Looking back on QSO’s history
By Warwick Adeney
Our Concertmaster Warwick Adeney sat down with Joan Bowen, one of the first in the Administration team of Queensland Symphony Orchestra back in 1953, to talk conductors, concerts at City Hall and life after the Orchestra.
While staying with my mother-in-law recently at Keperra Sanctuary I met an elderly lady during one of my jaunts playing violin to residents. She astounded me by saying she was part of the history of our Orchestra having worked in its administration in the early 1950s. I arranged to come back and chat at greater length, which I'm grateful now to have done, stimulating waves of memories for her and deepening my appreciation of the annals of our city and its Orchestra.
Joan Bowen was brought up in Coorparoo and was a teenager during the war. She remembers that American soldiers commandeered her school, Somerville House, as its communications headquarters and her studies were removed to Queen Alexandra House, on Coorparoo Junction. She wanted to be a kindergarten teacher, but I gathered that her bookkeeping and secretarial skills, formed at a business college in the city, were recognised early and she worked firstly for an agricultural chemist and then in St Helen's hospital (now Wesley) as the hospital Secretary, and finally, at the request of a friend, at ABC music. She looks back with pride at being in responsible positions in three such contrasting areas of work. Her family boasted a good number of the significant teachers of the day, and hearing of its culture and expectations one cannot be surprised at Joan's success.
It was at ABC music, then situated at the old School of Arts in Vulture St, South Brisbane, that she worked in orchestral management in 1953-4. Queensland Symphony Orchestra was then barely five years old, playing under the baton of its first conductor, the hard-working John Farnsworth-Hall. The Orchestra rehearsed there, but played its concerts over in City Hall which was at that time of course the tallest and most splendid building in town. Joan remembers that the work of the Orchestra, then numbering less than fifty musicians, was divided between concerts, broadcasts and its education program. The concerts were always well attended ("there was nothing much else on!") and always concluded with the national anthem. Joan certainly enjoyed the music, the busyness, and the colourful personalities of her time.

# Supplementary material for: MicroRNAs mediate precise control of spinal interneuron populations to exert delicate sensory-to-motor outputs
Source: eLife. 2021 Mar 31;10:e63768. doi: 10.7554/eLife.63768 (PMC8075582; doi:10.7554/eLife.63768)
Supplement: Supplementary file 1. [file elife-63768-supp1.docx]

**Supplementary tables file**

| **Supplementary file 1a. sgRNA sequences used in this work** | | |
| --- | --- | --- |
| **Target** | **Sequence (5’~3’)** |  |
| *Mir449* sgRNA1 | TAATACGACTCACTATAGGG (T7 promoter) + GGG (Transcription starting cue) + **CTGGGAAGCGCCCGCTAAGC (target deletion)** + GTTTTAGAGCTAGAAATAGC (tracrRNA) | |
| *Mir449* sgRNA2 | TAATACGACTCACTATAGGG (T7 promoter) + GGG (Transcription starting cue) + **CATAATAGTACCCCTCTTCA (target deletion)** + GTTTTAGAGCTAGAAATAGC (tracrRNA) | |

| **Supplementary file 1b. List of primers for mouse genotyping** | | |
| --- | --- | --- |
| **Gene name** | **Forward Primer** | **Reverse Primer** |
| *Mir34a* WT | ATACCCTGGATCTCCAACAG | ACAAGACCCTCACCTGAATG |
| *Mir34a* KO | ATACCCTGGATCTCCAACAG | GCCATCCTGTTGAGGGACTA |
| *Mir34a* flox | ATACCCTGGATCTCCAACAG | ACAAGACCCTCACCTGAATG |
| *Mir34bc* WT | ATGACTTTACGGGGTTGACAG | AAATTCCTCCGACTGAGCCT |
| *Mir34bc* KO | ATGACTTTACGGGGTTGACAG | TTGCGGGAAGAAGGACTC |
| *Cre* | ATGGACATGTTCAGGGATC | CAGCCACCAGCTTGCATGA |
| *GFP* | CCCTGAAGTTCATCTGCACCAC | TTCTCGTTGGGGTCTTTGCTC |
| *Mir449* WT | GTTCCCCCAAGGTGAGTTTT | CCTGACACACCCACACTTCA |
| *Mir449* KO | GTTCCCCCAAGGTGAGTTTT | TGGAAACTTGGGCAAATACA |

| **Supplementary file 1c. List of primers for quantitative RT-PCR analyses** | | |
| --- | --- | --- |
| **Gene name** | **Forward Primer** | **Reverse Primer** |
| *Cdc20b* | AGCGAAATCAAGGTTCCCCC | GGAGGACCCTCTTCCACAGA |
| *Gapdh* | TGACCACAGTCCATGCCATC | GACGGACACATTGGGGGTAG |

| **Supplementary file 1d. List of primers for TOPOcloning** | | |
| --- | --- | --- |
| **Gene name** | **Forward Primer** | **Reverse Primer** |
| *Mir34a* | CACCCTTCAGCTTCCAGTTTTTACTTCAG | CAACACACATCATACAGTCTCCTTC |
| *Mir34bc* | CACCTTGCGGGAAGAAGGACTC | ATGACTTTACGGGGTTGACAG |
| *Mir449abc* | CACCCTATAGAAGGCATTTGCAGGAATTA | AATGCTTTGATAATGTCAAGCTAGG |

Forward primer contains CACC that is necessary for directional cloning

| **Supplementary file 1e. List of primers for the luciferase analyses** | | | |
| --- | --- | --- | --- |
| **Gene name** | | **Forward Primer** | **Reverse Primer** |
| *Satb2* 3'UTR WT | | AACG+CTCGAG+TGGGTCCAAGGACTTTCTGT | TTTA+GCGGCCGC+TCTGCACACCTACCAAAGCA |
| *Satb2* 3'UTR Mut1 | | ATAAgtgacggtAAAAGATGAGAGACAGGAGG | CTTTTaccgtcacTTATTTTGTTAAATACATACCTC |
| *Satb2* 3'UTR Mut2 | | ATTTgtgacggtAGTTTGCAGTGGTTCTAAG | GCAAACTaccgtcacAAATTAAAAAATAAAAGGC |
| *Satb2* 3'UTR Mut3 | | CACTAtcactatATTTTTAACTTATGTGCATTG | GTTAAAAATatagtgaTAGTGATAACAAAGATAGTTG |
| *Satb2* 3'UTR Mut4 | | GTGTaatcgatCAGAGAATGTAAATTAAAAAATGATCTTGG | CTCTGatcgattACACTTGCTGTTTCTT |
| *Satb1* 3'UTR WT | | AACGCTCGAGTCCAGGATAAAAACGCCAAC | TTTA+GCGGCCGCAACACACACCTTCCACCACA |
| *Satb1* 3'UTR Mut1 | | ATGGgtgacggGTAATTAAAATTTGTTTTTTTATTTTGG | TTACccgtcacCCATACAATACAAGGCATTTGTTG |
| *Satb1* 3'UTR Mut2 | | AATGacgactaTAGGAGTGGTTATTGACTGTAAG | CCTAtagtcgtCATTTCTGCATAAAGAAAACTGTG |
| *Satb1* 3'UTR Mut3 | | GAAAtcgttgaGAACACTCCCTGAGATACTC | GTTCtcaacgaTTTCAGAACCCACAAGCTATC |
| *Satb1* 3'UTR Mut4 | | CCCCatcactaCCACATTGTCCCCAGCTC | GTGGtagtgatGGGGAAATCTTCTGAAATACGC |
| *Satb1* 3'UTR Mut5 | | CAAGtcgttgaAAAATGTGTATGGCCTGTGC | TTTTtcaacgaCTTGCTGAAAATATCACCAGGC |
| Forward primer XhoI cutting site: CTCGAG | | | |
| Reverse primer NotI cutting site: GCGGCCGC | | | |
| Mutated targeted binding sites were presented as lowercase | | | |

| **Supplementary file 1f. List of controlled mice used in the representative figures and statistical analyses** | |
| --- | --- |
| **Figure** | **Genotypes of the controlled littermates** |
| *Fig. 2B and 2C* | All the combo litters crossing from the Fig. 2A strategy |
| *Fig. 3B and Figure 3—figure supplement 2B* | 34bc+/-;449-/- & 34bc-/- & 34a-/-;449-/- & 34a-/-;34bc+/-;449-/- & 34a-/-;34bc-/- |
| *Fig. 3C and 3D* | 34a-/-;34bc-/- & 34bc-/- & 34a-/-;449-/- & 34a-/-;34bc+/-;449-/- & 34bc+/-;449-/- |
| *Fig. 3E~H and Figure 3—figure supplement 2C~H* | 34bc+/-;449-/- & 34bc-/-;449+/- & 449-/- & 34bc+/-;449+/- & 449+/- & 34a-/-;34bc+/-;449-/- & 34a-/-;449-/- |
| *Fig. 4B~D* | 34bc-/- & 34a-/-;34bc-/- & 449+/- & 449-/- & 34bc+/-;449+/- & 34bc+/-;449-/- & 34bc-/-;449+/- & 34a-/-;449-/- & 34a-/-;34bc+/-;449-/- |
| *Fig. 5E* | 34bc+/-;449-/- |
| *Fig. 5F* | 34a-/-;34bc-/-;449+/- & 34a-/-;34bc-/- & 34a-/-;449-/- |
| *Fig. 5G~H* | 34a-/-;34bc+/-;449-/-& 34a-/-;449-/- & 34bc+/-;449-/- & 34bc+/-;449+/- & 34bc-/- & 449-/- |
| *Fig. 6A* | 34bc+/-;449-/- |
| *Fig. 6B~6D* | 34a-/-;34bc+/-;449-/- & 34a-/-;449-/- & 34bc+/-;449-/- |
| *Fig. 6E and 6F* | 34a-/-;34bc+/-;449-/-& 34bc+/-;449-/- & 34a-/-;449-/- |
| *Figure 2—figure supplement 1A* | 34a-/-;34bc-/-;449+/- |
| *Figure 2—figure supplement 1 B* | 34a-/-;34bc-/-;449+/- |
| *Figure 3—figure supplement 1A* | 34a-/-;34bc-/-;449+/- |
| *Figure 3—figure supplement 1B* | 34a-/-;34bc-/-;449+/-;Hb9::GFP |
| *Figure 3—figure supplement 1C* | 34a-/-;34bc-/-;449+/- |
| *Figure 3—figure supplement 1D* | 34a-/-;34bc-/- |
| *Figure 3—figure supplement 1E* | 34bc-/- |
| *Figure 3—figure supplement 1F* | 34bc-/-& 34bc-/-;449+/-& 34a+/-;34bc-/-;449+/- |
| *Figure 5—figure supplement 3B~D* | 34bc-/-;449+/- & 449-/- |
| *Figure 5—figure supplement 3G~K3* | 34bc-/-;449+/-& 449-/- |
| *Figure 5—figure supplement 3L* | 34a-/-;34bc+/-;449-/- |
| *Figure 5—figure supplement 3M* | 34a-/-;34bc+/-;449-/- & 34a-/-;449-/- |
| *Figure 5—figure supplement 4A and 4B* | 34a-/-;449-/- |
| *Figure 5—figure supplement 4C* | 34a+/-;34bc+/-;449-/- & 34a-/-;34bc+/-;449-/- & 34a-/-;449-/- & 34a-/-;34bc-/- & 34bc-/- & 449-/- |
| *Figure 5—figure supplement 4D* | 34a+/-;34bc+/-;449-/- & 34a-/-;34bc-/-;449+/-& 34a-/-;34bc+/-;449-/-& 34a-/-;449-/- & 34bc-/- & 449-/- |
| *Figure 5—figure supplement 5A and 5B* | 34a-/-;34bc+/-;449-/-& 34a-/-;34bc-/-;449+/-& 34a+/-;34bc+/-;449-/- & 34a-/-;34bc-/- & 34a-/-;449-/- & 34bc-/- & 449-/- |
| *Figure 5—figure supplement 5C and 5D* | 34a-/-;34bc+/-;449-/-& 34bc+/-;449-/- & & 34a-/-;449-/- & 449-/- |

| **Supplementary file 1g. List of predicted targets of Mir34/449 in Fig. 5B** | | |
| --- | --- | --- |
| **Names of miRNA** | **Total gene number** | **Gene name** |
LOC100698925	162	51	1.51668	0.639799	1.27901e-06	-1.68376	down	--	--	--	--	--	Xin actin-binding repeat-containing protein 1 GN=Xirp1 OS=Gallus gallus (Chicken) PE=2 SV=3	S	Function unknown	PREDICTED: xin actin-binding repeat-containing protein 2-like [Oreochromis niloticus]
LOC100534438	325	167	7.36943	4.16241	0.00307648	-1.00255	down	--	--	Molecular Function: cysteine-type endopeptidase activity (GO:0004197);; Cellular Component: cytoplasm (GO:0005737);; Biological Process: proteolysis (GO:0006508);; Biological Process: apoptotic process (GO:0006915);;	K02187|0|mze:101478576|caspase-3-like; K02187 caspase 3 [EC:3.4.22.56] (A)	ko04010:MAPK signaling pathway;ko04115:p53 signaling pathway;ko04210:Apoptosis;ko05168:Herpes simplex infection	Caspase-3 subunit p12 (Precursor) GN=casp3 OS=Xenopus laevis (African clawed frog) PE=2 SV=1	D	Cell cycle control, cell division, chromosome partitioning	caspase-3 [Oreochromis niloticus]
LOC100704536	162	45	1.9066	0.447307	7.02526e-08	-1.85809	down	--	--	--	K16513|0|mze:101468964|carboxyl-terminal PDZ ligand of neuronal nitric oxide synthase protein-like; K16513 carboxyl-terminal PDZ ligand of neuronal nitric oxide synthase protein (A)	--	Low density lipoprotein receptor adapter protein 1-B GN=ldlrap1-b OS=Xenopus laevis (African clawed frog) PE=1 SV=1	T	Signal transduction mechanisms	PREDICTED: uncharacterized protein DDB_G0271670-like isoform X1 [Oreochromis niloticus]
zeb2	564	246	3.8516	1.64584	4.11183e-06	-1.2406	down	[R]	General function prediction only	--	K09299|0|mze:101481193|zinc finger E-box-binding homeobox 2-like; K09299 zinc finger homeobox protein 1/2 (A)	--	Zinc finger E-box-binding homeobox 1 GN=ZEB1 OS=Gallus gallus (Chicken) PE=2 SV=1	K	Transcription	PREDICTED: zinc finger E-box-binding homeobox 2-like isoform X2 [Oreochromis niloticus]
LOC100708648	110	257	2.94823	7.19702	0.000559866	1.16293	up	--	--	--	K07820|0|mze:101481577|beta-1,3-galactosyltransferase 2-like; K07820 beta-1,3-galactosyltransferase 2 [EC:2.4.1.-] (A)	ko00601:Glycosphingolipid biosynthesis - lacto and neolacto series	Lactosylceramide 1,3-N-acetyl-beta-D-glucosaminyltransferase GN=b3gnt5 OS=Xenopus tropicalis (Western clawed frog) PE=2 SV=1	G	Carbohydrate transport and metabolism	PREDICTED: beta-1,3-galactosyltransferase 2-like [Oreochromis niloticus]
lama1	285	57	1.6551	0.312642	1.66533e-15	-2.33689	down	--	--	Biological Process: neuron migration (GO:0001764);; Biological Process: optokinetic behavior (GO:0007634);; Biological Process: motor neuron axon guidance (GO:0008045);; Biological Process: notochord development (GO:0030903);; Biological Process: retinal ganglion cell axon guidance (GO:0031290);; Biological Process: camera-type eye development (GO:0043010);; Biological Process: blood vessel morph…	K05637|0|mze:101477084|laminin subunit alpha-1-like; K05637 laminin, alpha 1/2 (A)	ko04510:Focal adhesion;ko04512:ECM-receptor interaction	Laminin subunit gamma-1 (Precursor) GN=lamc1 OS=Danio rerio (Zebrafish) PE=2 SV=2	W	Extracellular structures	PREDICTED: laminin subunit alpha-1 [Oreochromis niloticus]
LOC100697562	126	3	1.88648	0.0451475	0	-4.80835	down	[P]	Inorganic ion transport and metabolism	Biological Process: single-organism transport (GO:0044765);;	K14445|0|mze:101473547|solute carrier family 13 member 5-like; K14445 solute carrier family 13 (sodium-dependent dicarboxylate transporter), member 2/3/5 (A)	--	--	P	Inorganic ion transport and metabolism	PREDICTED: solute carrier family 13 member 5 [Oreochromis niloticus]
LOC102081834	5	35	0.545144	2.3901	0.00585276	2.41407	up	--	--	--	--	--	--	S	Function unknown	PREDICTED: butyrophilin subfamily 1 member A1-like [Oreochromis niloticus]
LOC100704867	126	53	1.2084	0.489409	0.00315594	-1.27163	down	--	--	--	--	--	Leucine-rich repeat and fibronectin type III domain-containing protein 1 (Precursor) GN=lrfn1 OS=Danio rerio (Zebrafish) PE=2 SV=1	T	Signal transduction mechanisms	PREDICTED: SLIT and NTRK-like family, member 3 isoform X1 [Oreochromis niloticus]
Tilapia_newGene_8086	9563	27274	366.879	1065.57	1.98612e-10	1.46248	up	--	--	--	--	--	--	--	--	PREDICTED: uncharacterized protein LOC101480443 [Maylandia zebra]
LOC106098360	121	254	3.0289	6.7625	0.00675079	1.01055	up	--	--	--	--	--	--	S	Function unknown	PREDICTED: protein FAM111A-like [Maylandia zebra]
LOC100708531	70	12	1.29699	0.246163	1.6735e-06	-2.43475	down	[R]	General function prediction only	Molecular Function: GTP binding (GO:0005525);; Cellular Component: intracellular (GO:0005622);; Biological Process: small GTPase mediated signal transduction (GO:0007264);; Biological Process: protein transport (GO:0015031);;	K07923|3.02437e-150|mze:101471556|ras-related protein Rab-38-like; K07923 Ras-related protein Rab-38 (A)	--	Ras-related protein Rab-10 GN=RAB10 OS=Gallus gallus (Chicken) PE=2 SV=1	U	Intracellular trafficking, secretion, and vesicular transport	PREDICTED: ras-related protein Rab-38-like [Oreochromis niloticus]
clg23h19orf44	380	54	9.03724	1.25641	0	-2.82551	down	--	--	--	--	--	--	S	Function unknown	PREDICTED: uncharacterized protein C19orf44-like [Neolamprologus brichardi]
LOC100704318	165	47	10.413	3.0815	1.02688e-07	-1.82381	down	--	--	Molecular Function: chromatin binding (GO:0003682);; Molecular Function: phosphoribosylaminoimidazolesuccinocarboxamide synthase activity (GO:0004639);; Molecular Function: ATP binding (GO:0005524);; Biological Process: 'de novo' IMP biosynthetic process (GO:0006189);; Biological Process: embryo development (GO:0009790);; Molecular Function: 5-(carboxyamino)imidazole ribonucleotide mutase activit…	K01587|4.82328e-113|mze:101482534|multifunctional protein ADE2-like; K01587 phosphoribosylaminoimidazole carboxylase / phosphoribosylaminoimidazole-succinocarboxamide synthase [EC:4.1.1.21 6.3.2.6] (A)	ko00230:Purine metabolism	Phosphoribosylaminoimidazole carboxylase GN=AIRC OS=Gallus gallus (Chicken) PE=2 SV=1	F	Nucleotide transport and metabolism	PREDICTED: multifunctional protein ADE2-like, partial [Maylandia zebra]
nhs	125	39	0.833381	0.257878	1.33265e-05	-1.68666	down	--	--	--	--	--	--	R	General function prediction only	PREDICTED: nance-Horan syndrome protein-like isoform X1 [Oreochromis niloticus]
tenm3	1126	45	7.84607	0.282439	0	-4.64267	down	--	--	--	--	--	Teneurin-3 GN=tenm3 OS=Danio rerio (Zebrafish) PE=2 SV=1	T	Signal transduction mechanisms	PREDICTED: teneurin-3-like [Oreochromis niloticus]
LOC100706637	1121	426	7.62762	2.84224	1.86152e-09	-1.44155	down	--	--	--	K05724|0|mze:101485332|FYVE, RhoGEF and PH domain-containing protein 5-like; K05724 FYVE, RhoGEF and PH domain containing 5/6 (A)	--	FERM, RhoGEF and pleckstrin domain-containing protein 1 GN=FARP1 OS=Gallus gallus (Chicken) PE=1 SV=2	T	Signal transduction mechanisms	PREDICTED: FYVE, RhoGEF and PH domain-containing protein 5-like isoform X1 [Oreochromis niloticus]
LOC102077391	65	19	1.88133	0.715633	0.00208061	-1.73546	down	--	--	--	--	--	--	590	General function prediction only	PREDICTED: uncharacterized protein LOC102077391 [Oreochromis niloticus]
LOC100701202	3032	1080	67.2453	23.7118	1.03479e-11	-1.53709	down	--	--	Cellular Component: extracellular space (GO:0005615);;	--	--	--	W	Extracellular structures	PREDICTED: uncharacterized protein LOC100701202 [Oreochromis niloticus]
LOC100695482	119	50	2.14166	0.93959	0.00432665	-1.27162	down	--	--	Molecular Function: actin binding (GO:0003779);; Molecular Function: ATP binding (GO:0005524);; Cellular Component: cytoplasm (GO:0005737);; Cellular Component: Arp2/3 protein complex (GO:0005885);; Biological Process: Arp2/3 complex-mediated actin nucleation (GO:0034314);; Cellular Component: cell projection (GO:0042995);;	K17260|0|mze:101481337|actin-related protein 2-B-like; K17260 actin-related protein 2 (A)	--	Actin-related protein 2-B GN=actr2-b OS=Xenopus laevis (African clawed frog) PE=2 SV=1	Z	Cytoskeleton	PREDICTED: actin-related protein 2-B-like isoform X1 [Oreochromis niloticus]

The orchestra manager was Bert Shepherd, formerly a violinist. Dr Robert Dalley-Scarlett, remembered as eccentric, was arranger, as the Orchestra was often playing reduced or re-arranged versions of serious and light music. The Orchestra also played for the musicals coming through Brisbane. The head of music was Alan McCristal, married to a cellist, Julie van der Klei, and they were among a number of married couples that Joan also recalls in the Orchestra, including Maria and Joe Benvenuti, who drove ceremoniously in an open vehicle by the river with their double-basses in the back. She also remembers Jimmy and Joyce Carson, Max and Marie Muller, and Rees and Una Morgan, both harpists (Una was a lecturer of mine in Conservatorium days!).
Another player from Joan's day that I knew of course was Patrick Thomas, the flautist who became Queensland Symphony Orchestra’s chief conductor. And of particular interest to me was the concertmaster, George White, who also led the Queensland State String Quartet and was a very significant Australian violinist of his day. George was a popular man who lived on Hamilton Road with his wife and ten children in a typical small house, Joan remembers. I found myself describing to Joan my own efforts to build three stacked caravan double-bunks to accommodate six of my sons!
Joan grew up in that generation of home culture sadly rare these days, in which family ‘arty’ get-togethers and music were enjoyed, often including friends and neighbours. She learnt piano with Jim Wallis (the city organist and also ABC programme director) and fondly remembers Sunday evenings at home when her father played piano and sang with everyone around joining in, while Joan accompanied on the nearby harmonium. Classical music, with hymns and folk music gathered with it, was ‘all you were taught’. Joan says, ‘we weren't allowed popular music.’ The organ was the instrument she preferred, far better expressing the rich and harmonious sound of the orchestra. For decades subsequently, she played organ for services at The Gap Uniting Church. I asked Joan if she remembers particular favourites among the music she heard in her young days. After a moment's reflection, she nominated the Flower Duet from Lakme as one she always loved.
Was Joan’s time at Queensland Symphony Orchestra long? No, she was there only two years. Shortly after working at the Orchestra Joan was married and began her new life raising her two children reminding me that although she enjoyed her work fed by her interest in music, math and management, her earliest love was children.